To whom it may concern,
Currently I am working on a research project at PSU and I have run into a complication.
The initial part of my project requires me to produce a pourous membrane from anodically oxidized aluminum. I have done a lot of research on the process and background for producing this membrane and I have learned a lot. The only problem is is that I cannot seem to figure out or find how to run the setup for the process.
Many sources provide bits of information which I have been able to pull together, but the works cited that the various resources provide lead to more questions instead of answers. I was wondering if someone could explain to me, in detail, the entire process and setup that I need to run so that I can produce the porous anodic film and go on to the next phase of my experiment.
One of my biggest questions is what do I use for the cathode in the setup. I know that highly pure and polished Aluminum is used for the anode, but no sources provide me with information telling me what to use for the cathode.
I would appreciate any information that could be provided.
You have come to the right place. Look up letter 1177, right here in the ANODIZING AND LIGHT METALS TREATMENT under www.finishing.com/letters, Material for anodizing cathodes. If that is no help, there are lots of letters on this subject.
If you search our file cellars for past quarters, you will find many letters about anodizing. Then see Anodizer's Plaza in Japan for more interesting stuff on anodizing, available from our home page under WWW Links, last time I looked.
Then see our book section (www.finishing.com/books) for references you can look up in your school library.
Falls Township, Pennsylvania
What am I missing? Aluminum is a metal, a solid one unless it is manufactured in some other form. How can you get a sheet of metal to be a porous membrane? Sintered metal is porous, but that was not stated.
As far as the anodizing process goes, I host an hour on Monday nights at 9EDST. I will be glad to answer most of your questions at that time. There may be some that I can not. but should not if they are anodizing process ones.
- Navarre, Florida
This note is to Mr. Watts as much as to Mr. Bailey, who probably knows what he wants but doesn't know how to go about doing it. There is a technique of separating an unsealed anodize coating intact from the base metal, then using that porous oxide as a membrane for ultra- or micro filtration to separate organic molecules. Since the cellular pores of an anodize coating are so small, they are reportedly highly effective in such separations. The separation process is too tedious to be done on a commercial scale, but to patient bench chemists or physicists who love science for science' sake it can be a handy tool. By varying the anodizing conditions, the pore size can even be varied for different separations.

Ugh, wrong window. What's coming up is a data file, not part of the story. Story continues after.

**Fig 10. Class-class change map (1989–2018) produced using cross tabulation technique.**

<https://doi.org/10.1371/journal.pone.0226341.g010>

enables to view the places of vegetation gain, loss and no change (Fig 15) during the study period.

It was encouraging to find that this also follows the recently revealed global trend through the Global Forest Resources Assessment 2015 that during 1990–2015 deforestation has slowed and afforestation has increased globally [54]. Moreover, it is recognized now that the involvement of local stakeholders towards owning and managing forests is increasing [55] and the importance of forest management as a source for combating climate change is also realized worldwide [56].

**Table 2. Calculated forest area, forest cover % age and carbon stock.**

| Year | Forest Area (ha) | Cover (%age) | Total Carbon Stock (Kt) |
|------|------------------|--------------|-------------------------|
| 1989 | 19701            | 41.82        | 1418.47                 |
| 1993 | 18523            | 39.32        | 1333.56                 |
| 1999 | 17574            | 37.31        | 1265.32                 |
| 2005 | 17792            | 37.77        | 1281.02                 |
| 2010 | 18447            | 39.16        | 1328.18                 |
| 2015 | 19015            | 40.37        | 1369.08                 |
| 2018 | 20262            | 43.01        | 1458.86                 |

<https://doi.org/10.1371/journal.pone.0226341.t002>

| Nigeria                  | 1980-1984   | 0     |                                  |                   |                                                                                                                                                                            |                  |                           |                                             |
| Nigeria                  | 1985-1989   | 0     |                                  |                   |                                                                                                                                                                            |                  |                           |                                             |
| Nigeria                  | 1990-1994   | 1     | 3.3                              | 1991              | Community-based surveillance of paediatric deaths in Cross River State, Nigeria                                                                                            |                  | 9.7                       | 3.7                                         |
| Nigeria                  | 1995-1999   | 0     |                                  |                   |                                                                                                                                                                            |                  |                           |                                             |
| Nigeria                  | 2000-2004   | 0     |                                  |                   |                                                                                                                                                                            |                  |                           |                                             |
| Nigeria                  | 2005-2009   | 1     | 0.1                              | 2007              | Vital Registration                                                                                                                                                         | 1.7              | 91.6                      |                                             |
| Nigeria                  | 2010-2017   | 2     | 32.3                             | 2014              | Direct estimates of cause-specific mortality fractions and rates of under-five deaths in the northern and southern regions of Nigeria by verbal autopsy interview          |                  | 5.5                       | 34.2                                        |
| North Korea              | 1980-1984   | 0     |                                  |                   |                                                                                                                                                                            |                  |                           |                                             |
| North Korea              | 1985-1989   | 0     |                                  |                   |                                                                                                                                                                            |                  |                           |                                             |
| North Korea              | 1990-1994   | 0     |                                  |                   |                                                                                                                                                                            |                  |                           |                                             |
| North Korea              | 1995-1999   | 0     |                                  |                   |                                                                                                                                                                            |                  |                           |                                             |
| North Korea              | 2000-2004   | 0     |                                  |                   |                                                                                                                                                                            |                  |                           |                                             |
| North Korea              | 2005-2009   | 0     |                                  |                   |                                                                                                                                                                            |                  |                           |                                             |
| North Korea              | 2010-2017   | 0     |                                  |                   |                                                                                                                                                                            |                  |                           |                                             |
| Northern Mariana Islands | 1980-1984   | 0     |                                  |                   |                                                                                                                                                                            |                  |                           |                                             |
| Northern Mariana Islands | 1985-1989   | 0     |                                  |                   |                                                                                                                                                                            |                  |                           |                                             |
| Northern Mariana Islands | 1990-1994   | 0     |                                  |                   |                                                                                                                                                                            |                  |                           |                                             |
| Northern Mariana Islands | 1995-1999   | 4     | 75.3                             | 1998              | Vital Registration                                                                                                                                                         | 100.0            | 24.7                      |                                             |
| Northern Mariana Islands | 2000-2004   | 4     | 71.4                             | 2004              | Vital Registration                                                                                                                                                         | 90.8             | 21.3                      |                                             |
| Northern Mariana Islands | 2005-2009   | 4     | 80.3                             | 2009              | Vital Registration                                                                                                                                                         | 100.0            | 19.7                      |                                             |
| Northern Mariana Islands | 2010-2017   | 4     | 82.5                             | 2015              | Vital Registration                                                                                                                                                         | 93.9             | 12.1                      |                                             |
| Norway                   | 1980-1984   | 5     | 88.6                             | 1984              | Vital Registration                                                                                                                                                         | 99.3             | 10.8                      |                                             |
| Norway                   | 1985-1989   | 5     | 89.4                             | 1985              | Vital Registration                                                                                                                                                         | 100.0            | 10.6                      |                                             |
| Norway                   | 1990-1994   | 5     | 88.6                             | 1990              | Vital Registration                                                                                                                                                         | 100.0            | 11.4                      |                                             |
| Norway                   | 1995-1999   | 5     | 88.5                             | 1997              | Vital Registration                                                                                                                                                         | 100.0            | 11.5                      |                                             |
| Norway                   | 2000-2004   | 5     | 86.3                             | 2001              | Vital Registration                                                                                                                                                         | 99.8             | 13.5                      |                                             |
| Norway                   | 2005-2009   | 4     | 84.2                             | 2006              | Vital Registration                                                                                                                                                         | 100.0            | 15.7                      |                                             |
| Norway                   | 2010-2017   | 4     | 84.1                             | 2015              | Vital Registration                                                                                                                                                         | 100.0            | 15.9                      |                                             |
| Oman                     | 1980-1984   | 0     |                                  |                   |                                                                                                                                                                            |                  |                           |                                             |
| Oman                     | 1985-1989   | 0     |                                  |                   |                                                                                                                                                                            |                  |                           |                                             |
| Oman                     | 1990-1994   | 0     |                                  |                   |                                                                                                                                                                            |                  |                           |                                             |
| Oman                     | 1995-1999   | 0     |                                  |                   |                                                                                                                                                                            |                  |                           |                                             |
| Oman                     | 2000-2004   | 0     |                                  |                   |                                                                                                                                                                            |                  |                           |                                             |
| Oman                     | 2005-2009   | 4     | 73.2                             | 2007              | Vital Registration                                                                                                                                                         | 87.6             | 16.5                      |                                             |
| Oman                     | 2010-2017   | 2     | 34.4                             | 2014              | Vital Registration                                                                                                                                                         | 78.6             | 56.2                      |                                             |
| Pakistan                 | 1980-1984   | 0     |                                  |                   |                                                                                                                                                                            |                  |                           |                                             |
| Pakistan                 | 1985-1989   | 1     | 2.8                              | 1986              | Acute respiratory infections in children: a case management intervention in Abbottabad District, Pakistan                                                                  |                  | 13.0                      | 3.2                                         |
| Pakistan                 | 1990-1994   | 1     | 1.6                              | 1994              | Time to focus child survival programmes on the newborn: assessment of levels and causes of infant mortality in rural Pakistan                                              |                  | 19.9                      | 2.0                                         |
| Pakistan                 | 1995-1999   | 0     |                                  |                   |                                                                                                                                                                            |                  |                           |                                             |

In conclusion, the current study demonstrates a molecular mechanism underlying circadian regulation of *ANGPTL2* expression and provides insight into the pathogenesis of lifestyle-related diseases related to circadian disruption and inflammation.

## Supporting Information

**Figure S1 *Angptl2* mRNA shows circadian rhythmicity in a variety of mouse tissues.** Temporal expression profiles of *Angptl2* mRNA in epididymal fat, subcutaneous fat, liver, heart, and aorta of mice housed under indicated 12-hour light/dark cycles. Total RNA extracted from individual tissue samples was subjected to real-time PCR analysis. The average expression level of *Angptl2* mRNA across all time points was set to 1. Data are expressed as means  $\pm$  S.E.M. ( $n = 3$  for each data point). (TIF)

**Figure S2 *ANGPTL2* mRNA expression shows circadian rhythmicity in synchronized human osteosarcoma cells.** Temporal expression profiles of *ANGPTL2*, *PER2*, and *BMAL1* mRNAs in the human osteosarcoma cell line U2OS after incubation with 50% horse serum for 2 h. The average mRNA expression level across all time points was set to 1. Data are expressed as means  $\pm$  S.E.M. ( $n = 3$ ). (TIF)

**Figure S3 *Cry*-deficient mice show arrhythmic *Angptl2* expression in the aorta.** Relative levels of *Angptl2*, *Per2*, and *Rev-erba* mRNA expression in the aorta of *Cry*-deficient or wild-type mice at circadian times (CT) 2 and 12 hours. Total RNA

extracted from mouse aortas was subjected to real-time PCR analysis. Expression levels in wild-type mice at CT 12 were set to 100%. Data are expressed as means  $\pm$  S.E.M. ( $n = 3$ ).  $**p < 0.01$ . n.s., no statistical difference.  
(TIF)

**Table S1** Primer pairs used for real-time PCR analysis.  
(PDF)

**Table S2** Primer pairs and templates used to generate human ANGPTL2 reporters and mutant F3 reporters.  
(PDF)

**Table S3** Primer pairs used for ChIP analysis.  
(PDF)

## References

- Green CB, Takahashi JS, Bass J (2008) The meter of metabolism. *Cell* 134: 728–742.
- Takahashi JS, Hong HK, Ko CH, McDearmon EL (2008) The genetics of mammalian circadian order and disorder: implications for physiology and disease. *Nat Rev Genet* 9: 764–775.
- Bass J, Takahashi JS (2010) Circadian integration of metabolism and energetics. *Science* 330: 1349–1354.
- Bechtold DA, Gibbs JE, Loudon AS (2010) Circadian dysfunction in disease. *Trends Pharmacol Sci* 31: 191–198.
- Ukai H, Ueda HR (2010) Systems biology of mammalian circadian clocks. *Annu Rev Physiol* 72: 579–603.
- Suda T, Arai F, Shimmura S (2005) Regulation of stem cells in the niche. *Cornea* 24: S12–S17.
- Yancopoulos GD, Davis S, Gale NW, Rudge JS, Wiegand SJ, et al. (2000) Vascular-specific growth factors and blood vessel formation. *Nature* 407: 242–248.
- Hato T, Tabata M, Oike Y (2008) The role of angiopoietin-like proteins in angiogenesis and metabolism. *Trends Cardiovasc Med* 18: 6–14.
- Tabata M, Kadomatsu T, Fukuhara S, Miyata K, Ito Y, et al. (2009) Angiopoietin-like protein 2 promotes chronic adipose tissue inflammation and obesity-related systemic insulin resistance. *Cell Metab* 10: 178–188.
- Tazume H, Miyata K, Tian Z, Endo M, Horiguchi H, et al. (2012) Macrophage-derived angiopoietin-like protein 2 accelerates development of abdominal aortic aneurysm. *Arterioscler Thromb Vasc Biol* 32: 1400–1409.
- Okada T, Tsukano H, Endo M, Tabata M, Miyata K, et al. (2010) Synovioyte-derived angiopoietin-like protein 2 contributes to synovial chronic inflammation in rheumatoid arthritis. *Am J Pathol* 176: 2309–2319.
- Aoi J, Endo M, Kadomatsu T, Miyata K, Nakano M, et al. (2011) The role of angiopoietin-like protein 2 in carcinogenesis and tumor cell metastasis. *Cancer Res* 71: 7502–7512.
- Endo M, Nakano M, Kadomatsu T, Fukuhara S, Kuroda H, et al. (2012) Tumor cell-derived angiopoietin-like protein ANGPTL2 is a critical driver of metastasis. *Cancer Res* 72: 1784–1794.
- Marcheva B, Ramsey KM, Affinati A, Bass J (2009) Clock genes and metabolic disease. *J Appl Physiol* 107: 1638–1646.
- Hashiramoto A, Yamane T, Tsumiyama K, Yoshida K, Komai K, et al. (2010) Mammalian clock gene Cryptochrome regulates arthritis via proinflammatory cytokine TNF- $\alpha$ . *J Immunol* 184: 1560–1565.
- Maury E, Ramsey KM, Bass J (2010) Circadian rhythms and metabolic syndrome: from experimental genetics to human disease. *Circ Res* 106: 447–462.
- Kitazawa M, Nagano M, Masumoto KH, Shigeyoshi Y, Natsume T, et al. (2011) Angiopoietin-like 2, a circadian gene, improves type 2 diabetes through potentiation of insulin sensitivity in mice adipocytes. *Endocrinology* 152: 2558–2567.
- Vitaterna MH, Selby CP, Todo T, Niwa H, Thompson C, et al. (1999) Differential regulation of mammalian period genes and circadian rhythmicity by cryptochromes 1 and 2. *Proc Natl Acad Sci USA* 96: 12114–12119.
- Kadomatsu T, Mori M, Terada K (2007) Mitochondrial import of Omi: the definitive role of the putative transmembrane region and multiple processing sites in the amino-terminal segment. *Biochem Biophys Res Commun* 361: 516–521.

Mr. Bailey's problem may be twofold: to learn how to anodize, and to learn how to do the separation process. There are, as has been pointed out, many references on the anodizing process. I have two file cabinet drawers stuffed full with reprints on anodizing-related topics, but have not yet found anything I might have saved on the separation process. Mr. Bailey may need to go to a computer search service, if available at Penn State, such as STN or NERAC, using keywords such as ultrafiltration or microfiltration. I believe the journal where I saw the technique described, was the Journal of the Electrochemical Society, but I have no idea of the date.
A personal P.S. to Mr. Bailey from a PSU Alum: GO LIONS!
- Madison Heights, Michigan
I agree with Phil. The anodic film produced on aluminum has been used as a filtration membrane. The anodic film is formed in a phosphoric acid eletrolyte to about 1 mil with pore sizes about o.1 micron diameter. The film is then electrochemically detached from the substrate and cut into suitable disc using a laser. If you need more detailed information, please get a reference as follows,
W. Rigby et al., "An Anodizing Process for the Production of Inorganic Micro Filtration Membrances", TIMF, Vol.68, page 95-98, August 1990.
- Grand Rapids, Michigan
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